Under a new Louisiana law, all strawberries sold in the state â including those grown in Florida and California â must have a âfarm of originâ label on consumer packages.
House Bill 430, signed by Gov. Bobby Jindal on May 26, applies only to strawberries but could be applied to other commodities such as citrus, tomatoes and seafood, said Louisiana Agriculture Commissioner Mike Strain.
While technically a law, the specific wording and scope of whatâs covered hasnât been finalized. Strain said a commission within the Baton Rouge-based Louisiana Department of Agriculture & Forestry and the Louisiana Strawberry Marketing Board would develop the rules with legislative oversight, possibly by September.
âThis came from the strawberry farmers,â he said. âWith this buy fresh, buy local push, when our consumers buy berries, we want them to have the option of buying fresh and local Louisiana berries. You will see this in the future on all produce and will see this moving into national policy.â
Strain said labels listing the name and address of the farms producing the berries could be incorporated into shippersâ labels. He said he didnât think the labeling change would be difficult for out-of-state shippers and said the state would provide a mechanism or template for such labeling.
Ted Campbell, executive director of the Florida Strawberry Growers Association, Dover, said state-specific labeling requirements would cause packinghouse headaches.
âAny differentiation by state in labeling requirements is very challenging at the packer level for any commodity,â said Campbell, who reserved further comment until reading more about the law.
Carolyn OâDonnell, communications director with the California Strawberry Commission, Watsonville, said shippers there also want to know more about the law.
âWe are waiting to find out what theyâre expecting to do in terms of labeling and how that may be different from the way California labels its berries now,â she said. âWe do support traceback to the container.â
While many states promote agricultural products through the specialty crop block grant programs, Robert Guenther, senior vice president of public policy for the United Fresh Produce Association, Washington, D.C., said he hasnât seen other states institute laws similar to Louisianaâs.
âOur goal is to move consumption of all fresh produce,â Guenther said. âWe want to make sure we are not trying to divide the industry by commodity, state or region. While we think itâs important for states to promote and be proud of their products, to start mandating regulations on commodities entering their states in terms of commerce, Iâm not sure if that would move the ball forward on increasing overall consumption of fresh fruits and vegetables.â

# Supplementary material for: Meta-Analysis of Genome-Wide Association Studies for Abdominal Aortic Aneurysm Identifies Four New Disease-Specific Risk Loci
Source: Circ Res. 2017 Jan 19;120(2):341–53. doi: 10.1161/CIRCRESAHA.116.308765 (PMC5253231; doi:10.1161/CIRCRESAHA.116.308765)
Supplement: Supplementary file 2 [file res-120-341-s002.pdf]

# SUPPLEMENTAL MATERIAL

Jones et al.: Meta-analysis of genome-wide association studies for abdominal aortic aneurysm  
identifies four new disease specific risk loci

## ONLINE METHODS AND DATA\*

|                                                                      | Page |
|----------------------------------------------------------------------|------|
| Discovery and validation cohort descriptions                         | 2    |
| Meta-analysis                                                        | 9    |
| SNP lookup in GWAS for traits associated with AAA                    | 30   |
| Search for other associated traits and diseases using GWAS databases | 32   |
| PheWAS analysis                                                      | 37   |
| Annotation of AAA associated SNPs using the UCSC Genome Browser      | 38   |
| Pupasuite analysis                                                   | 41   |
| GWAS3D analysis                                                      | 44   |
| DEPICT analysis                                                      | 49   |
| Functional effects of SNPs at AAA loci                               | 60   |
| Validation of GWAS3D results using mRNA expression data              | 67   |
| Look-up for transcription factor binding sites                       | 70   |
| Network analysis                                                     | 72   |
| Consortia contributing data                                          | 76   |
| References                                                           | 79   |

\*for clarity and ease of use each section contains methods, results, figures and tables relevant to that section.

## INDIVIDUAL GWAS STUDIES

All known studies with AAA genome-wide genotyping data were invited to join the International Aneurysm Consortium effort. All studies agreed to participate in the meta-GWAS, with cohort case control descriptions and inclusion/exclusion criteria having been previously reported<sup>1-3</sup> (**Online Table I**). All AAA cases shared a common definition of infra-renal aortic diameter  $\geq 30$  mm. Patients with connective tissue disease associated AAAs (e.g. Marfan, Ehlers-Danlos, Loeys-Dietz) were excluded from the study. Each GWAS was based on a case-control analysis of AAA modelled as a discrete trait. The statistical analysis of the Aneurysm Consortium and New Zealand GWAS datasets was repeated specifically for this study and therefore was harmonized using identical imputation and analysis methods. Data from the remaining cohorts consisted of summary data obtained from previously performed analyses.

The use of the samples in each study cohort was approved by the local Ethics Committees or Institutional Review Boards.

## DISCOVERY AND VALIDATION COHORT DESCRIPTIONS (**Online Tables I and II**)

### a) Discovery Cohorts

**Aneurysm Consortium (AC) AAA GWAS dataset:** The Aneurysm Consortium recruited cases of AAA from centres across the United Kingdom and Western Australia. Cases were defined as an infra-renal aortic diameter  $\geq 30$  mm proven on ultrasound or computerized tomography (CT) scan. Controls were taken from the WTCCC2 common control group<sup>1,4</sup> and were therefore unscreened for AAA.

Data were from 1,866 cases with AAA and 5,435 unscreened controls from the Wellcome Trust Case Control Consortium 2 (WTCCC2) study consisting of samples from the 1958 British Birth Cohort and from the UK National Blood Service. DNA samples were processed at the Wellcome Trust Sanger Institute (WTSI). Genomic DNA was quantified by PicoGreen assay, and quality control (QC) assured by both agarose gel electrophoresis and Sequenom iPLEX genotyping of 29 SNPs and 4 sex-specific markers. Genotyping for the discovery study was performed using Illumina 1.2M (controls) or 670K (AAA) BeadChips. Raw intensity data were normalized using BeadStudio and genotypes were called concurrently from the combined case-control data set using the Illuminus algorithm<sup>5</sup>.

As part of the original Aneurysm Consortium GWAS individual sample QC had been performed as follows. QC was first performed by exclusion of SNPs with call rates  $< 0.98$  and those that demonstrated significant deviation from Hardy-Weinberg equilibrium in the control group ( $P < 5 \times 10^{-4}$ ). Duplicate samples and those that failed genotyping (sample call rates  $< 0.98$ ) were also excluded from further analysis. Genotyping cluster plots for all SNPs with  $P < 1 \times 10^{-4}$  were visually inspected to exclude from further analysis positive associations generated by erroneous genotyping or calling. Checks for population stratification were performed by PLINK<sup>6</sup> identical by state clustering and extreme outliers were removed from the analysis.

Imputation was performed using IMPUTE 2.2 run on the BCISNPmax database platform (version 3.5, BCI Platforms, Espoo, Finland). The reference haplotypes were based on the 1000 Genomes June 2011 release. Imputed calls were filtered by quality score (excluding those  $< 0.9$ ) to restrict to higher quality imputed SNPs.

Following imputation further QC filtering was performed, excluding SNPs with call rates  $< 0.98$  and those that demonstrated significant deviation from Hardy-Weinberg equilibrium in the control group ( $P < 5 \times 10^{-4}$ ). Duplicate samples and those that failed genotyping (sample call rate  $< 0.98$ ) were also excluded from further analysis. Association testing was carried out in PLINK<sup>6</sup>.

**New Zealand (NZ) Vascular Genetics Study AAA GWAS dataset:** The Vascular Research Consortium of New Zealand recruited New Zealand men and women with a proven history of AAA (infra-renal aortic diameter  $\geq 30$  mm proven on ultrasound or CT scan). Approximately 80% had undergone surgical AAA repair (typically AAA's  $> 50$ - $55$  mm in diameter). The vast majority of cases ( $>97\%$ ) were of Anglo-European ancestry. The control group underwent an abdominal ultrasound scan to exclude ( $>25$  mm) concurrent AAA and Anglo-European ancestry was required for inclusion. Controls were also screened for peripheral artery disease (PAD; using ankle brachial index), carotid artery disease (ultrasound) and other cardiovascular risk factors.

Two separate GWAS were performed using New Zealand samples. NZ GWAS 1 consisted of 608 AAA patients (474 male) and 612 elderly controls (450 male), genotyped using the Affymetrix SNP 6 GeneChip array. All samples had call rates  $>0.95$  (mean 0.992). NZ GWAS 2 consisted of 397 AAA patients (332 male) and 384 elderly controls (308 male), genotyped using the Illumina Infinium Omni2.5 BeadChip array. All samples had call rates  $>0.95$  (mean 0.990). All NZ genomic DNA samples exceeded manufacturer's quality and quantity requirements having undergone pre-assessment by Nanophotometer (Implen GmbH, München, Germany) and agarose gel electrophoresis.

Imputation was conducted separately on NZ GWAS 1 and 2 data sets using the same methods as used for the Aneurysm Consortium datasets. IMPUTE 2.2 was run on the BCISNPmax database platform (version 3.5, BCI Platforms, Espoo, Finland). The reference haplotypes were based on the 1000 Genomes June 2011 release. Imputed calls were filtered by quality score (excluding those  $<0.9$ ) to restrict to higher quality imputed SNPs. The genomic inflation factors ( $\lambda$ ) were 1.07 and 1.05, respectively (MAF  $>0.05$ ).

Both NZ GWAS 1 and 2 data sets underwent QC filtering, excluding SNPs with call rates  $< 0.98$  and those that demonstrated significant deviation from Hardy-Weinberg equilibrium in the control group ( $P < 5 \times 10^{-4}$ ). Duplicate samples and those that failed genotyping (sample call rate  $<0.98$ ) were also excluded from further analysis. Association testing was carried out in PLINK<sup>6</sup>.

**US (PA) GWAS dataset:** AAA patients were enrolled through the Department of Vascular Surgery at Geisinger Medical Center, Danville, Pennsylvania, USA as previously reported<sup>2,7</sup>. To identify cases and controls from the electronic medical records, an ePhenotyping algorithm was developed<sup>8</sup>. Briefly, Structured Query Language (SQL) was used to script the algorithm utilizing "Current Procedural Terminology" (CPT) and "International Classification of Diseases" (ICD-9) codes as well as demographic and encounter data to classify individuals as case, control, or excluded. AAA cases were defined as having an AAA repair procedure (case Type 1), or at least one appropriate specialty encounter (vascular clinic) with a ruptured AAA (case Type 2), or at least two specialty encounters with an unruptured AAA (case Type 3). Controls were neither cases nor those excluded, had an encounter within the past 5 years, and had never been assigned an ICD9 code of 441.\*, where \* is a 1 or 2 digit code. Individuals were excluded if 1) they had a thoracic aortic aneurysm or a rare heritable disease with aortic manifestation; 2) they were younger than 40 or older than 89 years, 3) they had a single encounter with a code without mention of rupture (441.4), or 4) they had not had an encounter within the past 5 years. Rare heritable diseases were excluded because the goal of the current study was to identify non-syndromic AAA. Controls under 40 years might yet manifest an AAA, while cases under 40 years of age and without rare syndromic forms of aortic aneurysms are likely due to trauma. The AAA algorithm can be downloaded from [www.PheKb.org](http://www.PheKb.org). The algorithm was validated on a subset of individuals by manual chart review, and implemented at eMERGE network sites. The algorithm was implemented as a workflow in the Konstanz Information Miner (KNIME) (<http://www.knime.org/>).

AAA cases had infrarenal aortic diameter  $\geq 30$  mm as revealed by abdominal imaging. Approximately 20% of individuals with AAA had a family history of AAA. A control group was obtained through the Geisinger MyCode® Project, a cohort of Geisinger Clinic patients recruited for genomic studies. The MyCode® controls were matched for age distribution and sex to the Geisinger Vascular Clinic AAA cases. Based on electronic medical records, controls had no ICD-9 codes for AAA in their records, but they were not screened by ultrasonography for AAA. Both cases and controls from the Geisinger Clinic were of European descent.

The U.S. Department of Agriculture doesnât report Louisianaâs strawberry acreage, but the stateâs agriculture department said 89 growers in 2009 produced 870,475 flats from 397 acres with a $17.4 million value. According to the USDAâs National Agricultural Statistics Service, a preliminary value of Californiaâs 2009 fresh strawberry crop is $1.58 billion; Floridaâs is $313.6 million.
Production, centered in the eastern area of the state north of New Orleans near Ponchatoula, La., generally begins in December and peaks in March with smaller volumes running through May.
Louisiana shoppers consume a majority of production, Strain said.
Marketing board member Kevin Liuzza, owner of Kevin Liuzza Farms LLC, Independence, La., said such labels should be on all foods.
âOur main concern here is for the consumers,â he said. âConsumers should want to know what farm their berries came from. Something sounds fishy if your farmers donât want to have their names on their strawberry boxes.â
Mark Murai, president of the California Strawberry Commission, said the commission supports traceback to the farm level.
âThe commission expects that the Louisiana regulations will be in harmony with ongoing national labeling and traceability efforts,â Murai said. âThe commission continues to work with national and regional trade and produce associations to harmonize labeling requirements for all fresh produce.â